It would appear as if the 24/7 news cycle has moved on to debating the ethics of what President Obama ordered last week when he sent in American armed forces personnel to kill Osama bin Laden. On Michael Smerconish's afternoon show, for instance, I heard of how Rosie O'Donnell has held forth that the assassination of bin Laden was unethical in that it denied him his due process rights.
I'm not admitting that O'Donnell is a journalist.
However, her viewpoint has been expressed by others.
Bin Laden represented a threat that occupies a gray area between crime and war. Criminals are deserving of due process. A police officer who has an alleged criminal in his crosshairs can't just drop him if there is any chance of apprehending the subject. To do so would be criminal, ammoral, and a violation of . . . due process.
Meanwhile, we don't normally wage assassination campaigns against the heads of state of nations with which we are at war. The nations of the West agreed on standards, some codified and some unwritten, about conduct in times of war. Heads of state are, for some reason, off limits. Perhaps to prevent a descent into barbarity. Enemy soldiers captured in uniform are accorded specific rights. Enemy combatants not in uniform are not. Though war is savage, war has custom that in some ways, ironically, protects some life.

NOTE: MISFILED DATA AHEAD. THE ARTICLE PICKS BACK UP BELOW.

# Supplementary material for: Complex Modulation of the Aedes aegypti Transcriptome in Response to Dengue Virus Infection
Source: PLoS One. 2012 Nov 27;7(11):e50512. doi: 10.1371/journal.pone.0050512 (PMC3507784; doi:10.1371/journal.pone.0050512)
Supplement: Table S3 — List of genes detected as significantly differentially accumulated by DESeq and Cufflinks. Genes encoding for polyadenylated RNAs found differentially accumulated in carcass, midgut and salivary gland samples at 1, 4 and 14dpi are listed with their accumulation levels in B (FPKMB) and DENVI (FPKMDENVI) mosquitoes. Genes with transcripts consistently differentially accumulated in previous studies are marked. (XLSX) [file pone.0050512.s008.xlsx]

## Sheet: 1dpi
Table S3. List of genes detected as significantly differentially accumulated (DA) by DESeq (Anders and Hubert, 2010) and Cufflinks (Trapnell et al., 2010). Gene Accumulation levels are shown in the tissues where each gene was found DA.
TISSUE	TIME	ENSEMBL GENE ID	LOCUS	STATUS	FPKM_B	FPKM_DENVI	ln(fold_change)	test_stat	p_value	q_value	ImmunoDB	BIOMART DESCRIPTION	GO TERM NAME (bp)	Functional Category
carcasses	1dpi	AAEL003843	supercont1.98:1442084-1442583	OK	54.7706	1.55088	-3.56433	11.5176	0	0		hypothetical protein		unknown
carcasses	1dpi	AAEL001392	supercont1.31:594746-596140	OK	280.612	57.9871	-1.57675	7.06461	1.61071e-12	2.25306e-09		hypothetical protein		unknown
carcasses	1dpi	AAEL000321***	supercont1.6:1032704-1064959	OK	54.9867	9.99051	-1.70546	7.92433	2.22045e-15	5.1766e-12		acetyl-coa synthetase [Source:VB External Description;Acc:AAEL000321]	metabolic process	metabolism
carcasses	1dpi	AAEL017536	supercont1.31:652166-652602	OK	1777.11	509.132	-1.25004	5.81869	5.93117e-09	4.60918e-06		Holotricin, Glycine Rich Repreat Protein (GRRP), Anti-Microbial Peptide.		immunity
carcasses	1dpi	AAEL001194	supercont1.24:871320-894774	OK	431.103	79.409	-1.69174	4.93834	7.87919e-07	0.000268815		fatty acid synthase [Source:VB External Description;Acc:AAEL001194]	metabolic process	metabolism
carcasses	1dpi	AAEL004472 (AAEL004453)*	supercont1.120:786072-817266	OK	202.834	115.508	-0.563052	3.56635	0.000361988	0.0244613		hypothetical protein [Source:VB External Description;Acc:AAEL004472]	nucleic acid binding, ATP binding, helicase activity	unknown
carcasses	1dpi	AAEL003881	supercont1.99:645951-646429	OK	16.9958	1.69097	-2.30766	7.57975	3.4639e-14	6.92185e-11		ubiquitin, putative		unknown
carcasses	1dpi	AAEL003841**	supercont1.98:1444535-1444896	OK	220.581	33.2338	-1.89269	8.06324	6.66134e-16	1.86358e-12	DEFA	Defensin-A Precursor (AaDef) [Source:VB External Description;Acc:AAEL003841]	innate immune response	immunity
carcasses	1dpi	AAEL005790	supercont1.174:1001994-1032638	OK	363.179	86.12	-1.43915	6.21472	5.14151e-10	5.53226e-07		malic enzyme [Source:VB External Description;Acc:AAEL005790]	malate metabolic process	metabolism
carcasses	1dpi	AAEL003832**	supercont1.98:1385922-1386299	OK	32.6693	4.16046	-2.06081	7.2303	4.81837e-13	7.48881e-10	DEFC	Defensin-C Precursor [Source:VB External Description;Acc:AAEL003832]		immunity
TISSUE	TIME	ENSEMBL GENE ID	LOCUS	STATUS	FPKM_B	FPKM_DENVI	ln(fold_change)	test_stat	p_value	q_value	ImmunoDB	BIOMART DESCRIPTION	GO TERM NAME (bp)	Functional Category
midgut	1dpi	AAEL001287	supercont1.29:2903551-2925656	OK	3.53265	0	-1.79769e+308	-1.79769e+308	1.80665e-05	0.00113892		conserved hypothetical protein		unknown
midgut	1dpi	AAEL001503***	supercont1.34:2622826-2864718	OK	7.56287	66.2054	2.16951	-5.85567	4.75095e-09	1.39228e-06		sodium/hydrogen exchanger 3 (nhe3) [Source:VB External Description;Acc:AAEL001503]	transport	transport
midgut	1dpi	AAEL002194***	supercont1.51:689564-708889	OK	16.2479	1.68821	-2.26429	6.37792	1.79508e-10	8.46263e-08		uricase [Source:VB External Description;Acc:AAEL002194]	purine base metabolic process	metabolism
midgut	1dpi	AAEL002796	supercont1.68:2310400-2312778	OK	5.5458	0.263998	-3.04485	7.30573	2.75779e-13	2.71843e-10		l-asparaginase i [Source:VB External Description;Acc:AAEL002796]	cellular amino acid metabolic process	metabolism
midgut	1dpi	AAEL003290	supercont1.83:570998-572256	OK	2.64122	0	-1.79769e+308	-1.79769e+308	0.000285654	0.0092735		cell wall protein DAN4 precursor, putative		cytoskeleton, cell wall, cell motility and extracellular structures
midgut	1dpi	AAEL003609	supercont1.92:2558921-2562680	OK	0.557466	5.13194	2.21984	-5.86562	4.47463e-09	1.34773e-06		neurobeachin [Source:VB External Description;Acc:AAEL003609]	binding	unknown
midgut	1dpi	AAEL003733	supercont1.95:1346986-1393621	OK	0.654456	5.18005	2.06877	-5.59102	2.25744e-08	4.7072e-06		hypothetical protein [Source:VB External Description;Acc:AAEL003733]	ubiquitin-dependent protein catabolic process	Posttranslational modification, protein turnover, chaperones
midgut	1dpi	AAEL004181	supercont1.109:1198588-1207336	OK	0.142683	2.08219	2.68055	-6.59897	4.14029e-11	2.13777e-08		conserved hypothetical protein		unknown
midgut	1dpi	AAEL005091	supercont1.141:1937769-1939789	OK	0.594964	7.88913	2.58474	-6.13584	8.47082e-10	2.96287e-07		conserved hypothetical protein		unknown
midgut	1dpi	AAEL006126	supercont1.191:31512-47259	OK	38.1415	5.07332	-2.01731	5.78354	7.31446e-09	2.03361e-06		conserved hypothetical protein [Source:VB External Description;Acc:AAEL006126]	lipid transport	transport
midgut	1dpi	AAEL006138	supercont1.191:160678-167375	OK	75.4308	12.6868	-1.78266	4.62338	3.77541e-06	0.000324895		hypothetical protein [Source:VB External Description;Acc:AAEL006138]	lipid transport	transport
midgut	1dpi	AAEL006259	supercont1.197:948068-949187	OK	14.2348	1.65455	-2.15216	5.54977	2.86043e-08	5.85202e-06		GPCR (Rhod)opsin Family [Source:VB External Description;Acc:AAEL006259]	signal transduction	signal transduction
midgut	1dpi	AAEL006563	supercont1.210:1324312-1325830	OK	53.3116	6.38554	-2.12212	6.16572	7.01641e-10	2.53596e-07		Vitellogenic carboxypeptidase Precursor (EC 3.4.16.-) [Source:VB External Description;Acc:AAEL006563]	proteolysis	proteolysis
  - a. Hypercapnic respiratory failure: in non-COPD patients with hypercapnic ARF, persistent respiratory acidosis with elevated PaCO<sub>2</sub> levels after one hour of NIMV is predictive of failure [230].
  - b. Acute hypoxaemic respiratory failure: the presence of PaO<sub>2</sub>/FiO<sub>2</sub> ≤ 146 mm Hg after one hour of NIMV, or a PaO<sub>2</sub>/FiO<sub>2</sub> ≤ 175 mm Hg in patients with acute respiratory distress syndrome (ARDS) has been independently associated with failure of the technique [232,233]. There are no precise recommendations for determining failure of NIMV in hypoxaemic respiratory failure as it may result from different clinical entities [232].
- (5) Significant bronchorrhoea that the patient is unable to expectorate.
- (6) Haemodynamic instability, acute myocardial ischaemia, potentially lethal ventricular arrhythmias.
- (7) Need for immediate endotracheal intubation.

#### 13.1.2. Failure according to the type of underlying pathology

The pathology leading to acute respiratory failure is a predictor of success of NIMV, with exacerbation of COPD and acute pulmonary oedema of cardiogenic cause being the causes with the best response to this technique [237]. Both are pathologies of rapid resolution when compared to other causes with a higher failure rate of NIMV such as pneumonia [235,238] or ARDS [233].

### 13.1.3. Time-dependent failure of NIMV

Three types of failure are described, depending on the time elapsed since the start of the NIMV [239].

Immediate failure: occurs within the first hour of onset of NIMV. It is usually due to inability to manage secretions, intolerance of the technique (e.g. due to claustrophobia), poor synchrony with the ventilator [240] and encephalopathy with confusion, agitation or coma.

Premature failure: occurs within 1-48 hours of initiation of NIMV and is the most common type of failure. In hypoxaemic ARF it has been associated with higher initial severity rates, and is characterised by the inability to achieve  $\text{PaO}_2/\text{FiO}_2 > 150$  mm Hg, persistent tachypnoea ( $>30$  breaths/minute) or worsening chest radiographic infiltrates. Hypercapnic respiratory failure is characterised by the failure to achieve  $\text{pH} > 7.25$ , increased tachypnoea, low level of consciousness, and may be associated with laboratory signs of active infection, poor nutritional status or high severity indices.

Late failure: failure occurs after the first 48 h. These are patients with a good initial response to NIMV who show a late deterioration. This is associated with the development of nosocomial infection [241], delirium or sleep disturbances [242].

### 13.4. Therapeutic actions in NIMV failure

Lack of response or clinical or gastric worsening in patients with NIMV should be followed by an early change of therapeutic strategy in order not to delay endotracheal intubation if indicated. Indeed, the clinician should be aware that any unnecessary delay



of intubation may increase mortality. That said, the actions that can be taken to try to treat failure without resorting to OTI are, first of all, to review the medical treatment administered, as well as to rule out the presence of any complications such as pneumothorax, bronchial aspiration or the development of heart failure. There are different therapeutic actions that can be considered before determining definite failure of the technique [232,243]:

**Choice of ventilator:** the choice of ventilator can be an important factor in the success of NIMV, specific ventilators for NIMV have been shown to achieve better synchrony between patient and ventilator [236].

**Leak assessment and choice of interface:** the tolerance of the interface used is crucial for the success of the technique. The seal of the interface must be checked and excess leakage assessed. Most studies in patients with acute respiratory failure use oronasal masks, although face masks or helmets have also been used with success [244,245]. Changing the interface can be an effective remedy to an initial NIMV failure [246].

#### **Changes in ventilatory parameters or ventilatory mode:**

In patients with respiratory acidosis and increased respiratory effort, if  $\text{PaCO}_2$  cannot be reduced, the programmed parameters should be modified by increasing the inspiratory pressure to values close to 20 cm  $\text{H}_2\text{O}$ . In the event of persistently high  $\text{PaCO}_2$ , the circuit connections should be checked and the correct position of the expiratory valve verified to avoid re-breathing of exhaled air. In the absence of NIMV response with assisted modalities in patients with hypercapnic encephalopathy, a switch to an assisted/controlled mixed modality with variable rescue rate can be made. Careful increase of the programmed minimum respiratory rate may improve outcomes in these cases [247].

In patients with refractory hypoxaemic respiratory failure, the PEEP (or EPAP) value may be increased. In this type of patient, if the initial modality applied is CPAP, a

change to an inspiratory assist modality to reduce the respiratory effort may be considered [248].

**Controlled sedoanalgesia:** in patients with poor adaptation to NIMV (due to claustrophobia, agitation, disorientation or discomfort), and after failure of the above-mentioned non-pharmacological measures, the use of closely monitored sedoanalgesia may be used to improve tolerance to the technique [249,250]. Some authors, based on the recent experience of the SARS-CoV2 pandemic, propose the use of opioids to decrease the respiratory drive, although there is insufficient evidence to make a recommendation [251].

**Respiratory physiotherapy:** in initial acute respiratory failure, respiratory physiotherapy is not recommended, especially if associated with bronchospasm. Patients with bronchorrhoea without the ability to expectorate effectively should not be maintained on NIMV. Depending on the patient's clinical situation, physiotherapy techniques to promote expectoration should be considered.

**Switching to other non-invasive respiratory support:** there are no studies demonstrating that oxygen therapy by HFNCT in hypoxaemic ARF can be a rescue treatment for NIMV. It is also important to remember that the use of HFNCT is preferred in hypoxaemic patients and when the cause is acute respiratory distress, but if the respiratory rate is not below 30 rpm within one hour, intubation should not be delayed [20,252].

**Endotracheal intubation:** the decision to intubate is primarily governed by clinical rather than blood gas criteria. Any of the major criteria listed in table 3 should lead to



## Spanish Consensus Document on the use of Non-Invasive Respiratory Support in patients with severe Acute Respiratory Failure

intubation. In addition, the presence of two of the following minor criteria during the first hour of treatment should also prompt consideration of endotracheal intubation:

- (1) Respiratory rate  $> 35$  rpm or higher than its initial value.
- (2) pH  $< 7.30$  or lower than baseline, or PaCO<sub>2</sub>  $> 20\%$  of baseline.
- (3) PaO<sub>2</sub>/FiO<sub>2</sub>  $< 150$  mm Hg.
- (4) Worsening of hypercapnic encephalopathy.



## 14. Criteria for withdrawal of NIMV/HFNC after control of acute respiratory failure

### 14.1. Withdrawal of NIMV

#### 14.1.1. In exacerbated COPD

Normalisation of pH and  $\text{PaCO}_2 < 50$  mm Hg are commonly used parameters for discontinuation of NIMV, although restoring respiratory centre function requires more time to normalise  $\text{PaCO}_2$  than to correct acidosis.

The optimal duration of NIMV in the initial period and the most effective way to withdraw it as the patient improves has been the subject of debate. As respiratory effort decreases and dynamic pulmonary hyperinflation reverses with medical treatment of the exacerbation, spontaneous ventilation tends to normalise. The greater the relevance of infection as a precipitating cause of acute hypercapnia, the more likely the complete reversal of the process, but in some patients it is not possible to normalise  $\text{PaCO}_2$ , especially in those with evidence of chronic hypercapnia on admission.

Bin Laden, meanwhile, committed an act of war against the U.S. but did not represent or lead a state. He led an amorphous entity that carried out policy and war, but has no recognizable population, borders, or government. It claims no sovereignty.
But Al Qaeda was, without doubt, a threat. And citizens of a nation look to its head of state to protect them from threats. When threats aren't recognized and met, more threats emerge. President Obama had a moral obligation to the American people to confront the threat bin Laden represented. Bin Laden did not lead (or even pretend to lead) a state. He did not claim U.S. citizenship and he was persona non grata through most of the world. Obama had no choice. The American people can't afford hesitation over resolving a threat that so defies the customs of international relations and the life of American citizens.
Though I believe our president did the right thing, there's a sadness that he had to do it. One doesn't like wishing ill (or death) on another. One of the grave responsibilities our presidents take on is the power to order the likely death of others. In some ways, what President Obama did last week was no lighter than what Truman decided to do in August 1945 or Lincoln in April 1861. A somber awakening for me is that one of many prices one must pay to be president is that as president one is tasked with dilemmas that push the boundaries of what is ethical and just. Perhaps this is why churches often pray for our elected leaders.